One of the most telling examples of an unfinished ending is to be found in the parable of the unjust steward. This is perhaps the hardest parable to interpret; but I suggest the thought is along the following lines (1). The steward has done wrong; but the element of unreality is that he isn't jailed or even scolded, it's just left as obvious that he can't do the job of steward any longer. The usual response of a master would be to jail servants for running up debts (Mt. 8:23-25). But the Master is unusually gracious. The steward now faces poverty, and so he takes a huge gamble. Before news of his fall is common knowledge, he urgently runs around to those in his master's debt and tells them that their debts are forgiven. His haste is reflected in the way he says "Write quickly... and you... ". He has to write off their debts before his master finds out, and before the debtors know that he now has no right to be forgiving them their debts. His gamble is that his master is indeed such a generous and gracious guy that he will actually uphold these forgivenesses or reductions of debt, and that therefore those who have received this forgiveness will be grateful to the steward, and be generous to him later, maybe giving him employment. The story reflects a theme of the other parables- how the servant knows and understands his master extremely well, and can guess his response. The way the servant invites the beggars to the feast even before his master has told him to do so is an example. But the power of the parable is in the unended story. Does the gracious Master indeed forgive those in his debt? And seeing he is impressed by how the steward has acted, does he in fact re-instate him, impressed as he obviously is by this sinful steward's perception of his grace? From the other parables we are led to believe that yes, the Lord and Master is indeed this gracious. And of course we are to see ourselves in the desperate position of the steward, staking our whole existences upon His grace and love beyond all reason. For me, this approach to the parable is the only one which can make any sense of the master dismissing the steward for fraud, and then praising him for his apparently 'dishonest' behaviour in forgiving the debtors (Lk. 16:2,8).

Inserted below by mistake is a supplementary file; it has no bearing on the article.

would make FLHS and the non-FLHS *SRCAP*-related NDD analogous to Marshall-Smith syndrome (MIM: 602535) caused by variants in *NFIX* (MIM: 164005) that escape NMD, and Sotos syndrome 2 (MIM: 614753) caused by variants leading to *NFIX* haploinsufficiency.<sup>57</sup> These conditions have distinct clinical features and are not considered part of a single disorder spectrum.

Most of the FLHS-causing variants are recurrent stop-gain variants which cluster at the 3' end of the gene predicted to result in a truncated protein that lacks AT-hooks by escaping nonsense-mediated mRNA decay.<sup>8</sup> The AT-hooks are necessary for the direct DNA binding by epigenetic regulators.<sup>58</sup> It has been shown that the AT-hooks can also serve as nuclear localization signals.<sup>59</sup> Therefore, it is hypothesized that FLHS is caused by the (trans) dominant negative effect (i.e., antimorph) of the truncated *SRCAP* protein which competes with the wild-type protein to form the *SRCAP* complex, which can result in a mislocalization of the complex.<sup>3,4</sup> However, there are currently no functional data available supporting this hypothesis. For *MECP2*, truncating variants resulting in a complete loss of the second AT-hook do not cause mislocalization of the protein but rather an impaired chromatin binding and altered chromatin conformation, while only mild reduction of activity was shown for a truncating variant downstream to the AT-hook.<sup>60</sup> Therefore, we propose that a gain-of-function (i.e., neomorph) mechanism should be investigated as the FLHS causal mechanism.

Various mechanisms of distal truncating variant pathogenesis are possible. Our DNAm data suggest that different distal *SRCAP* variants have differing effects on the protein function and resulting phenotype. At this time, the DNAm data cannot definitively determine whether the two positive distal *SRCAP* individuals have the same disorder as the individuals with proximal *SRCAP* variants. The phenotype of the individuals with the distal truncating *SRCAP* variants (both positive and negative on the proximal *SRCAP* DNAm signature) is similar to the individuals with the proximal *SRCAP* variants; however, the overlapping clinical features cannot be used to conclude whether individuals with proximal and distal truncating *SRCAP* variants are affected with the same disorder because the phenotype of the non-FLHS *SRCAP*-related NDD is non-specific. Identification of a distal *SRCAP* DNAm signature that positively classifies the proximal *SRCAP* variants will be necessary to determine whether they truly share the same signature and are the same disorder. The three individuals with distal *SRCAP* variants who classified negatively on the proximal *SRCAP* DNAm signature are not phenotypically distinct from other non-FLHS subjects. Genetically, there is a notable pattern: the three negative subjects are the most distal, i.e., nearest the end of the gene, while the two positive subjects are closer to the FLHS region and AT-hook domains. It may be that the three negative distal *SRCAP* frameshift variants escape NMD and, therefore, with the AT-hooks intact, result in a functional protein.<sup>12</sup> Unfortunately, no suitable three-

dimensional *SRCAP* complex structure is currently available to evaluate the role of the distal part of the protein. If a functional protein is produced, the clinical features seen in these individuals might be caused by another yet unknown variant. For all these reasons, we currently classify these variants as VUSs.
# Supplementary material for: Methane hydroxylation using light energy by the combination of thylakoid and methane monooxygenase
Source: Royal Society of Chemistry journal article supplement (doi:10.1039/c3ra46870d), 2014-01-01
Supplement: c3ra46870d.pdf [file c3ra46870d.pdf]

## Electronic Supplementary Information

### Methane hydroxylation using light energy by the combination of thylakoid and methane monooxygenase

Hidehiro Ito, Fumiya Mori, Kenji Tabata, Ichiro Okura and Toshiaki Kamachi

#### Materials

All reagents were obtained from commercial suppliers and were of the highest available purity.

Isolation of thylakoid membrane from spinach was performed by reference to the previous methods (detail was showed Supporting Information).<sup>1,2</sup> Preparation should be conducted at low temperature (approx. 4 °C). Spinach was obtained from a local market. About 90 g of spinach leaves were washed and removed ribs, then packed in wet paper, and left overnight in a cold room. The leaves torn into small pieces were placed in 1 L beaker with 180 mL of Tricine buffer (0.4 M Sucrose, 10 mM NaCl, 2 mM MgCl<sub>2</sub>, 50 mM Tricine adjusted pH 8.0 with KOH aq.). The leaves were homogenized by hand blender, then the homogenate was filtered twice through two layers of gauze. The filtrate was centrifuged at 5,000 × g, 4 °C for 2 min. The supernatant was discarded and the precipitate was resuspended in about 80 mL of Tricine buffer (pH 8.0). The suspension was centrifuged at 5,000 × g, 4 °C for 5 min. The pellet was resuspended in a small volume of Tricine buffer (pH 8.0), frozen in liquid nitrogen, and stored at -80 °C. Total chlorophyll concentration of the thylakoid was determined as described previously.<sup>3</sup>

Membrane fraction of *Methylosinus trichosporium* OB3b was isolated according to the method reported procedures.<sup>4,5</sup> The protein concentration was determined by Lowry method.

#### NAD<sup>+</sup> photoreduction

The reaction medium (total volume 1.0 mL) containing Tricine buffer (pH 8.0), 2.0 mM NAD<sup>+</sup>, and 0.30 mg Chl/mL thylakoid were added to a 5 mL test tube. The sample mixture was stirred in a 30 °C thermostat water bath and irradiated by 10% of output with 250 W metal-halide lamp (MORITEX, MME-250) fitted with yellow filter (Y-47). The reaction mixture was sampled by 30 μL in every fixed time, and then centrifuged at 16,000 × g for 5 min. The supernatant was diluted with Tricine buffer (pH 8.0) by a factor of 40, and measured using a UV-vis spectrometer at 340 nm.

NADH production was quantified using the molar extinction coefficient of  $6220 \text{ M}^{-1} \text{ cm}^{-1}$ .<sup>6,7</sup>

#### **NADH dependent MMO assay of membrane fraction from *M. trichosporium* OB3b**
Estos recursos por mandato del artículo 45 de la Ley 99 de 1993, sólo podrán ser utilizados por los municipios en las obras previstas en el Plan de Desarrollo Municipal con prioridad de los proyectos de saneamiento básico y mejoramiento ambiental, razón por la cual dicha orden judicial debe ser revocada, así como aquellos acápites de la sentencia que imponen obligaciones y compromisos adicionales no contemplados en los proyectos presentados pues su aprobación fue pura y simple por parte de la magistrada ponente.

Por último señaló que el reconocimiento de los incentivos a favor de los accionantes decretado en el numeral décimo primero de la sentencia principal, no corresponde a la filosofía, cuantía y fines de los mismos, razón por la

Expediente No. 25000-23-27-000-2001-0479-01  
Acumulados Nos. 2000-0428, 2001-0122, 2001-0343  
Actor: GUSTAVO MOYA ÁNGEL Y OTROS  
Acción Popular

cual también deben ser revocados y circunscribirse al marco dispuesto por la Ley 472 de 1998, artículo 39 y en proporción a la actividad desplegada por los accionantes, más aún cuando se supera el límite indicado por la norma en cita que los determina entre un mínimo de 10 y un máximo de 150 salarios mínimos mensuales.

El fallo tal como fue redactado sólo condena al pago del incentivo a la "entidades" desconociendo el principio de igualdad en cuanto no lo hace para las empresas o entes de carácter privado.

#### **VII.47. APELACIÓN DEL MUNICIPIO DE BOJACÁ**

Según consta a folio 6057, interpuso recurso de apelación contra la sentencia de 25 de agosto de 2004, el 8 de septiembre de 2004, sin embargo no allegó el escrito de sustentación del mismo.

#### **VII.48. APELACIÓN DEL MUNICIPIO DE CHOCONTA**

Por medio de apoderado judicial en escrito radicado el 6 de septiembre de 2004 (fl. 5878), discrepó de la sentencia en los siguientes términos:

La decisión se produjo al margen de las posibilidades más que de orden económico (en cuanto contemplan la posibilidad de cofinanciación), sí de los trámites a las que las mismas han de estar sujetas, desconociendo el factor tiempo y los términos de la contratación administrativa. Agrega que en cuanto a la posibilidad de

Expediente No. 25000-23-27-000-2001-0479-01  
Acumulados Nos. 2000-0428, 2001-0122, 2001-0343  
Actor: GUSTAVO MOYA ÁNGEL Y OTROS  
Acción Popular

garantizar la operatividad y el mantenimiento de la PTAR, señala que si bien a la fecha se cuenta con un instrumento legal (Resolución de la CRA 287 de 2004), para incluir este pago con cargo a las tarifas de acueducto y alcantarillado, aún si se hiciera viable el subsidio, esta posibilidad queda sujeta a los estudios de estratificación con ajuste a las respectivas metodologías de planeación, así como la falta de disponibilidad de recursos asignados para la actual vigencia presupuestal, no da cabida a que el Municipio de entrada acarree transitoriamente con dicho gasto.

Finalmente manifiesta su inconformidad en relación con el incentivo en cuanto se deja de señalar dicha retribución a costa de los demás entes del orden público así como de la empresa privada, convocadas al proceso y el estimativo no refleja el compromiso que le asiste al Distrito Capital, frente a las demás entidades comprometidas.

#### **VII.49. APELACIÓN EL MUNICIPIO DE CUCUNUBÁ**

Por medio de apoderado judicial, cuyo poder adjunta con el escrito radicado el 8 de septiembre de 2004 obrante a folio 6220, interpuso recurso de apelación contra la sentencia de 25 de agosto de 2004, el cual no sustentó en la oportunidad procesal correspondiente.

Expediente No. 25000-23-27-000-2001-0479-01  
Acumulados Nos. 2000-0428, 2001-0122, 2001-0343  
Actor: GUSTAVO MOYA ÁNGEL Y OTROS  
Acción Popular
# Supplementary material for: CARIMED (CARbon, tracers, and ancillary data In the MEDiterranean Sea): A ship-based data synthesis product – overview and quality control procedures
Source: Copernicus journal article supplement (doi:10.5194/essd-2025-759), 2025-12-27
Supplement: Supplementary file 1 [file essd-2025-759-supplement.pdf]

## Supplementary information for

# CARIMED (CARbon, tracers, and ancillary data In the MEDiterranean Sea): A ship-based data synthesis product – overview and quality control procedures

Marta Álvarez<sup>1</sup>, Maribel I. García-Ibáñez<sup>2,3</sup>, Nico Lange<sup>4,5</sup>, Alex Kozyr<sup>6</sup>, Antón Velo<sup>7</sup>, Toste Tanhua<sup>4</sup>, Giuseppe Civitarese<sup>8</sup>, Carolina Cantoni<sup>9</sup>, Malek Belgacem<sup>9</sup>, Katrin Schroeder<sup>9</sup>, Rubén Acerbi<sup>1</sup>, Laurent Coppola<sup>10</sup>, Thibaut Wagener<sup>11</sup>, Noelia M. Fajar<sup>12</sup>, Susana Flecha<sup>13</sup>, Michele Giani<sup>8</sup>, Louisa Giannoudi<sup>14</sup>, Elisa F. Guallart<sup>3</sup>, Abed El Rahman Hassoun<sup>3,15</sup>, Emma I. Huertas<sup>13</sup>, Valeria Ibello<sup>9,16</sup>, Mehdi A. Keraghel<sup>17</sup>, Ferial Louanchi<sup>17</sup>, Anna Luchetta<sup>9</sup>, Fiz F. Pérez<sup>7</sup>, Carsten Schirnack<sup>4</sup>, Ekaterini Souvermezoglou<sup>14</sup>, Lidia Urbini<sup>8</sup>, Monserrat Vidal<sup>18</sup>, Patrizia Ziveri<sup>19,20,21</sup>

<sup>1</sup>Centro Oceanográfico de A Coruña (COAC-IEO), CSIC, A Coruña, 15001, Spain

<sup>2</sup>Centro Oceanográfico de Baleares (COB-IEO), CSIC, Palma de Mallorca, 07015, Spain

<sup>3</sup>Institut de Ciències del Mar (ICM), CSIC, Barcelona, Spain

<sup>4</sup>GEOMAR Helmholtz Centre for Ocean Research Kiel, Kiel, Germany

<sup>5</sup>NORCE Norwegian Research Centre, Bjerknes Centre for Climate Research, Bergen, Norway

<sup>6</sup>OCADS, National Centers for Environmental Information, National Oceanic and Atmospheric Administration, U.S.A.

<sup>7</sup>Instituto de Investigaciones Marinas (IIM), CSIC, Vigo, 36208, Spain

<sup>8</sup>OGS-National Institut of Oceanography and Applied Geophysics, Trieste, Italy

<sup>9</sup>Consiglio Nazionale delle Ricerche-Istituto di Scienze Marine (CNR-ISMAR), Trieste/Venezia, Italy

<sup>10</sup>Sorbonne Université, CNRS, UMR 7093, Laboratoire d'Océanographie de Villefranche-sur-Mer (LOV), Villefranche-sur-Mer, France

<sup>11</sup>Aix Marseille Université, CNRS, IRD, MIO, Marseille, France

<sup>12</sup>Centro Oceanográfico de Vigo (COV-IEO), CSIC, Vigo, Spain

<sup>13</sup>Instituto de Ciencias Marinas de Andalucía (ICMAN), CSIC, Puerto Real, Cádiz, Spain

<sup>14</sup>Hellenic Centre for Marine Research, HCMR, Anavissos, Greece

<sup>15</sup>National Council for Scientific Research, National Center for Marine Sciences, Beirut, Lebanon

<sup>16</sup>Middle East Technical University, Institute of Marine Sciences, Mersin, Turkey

In all this we see the brilliance of the Lord Jesus. The parables of Lk. 7 and 14 were told during a meal- perhaps many of the others were, too. The Lord would have been a brilliant conversationalist, drawing out unexpected challenges and lessons from what appeared to be everyday facts. The implications of the parables are not pleasant- they would have soured some of His table conversations if they were properly perceived. And likewise with us as we read them in this age; these stories are indeed profoundly disturbing if understood properly and allowed to take their effect upon us. Yet for all their challenge, the parables of Jesus reveal how deeply familiar He was with human life in all its daily issues and complexities. He artlessly revealed how He had meditated deeply upon the issues involved in farming, the problem of weeds, how much poor men were paid for a day’s work, the desperation of the beggar Lazarus, problems faced by builders when laying foundations…He was and is truly sensitive and understanding of the everyday issues of our lives, and yet draws out of them something deeply challenging and radical. In this was and is His surpassing, magnetic brilliance. But the unanswered questions in the parables aren't all there is to them.

On top, or underneath, of all we have here spoken about His parables, there's yet something else. Much homework awaits someone to work out all the times when the Lord was speaking to Himself in the parables, through the elements of unreality. Perhaps He saw Himself tempted to be like the elder brother in the Prodigal parable, who was “always” in the Father’s house (as Jesus per Jn. 8:35) and ‘everything the father has is his’ is the very wording of Jn. 17:10. Or is it co-incidence that the only time the Greek word translated " choked" is used outside the sower parable, it's about the crowds 'thronging' Jesus (Lk. 8:14,42- note how they're in the same chapter and section of the Lord's life)? Was the Lord not aware of how the pressure of the crowds, whom He carefully tried to avoid, could choke His own spiritual growth? Was it for this reason that He begged those He cured not to generate big crowds to throng Him? And thus yet another layer of the Lord's mind and thinking will be revealed to us.


(1) My thinking here has been heavily influenced by the background material in K.E. Bailey, Poet And Peasant (Grand Rapids: Eerdmans, 1990) pp. 98,99.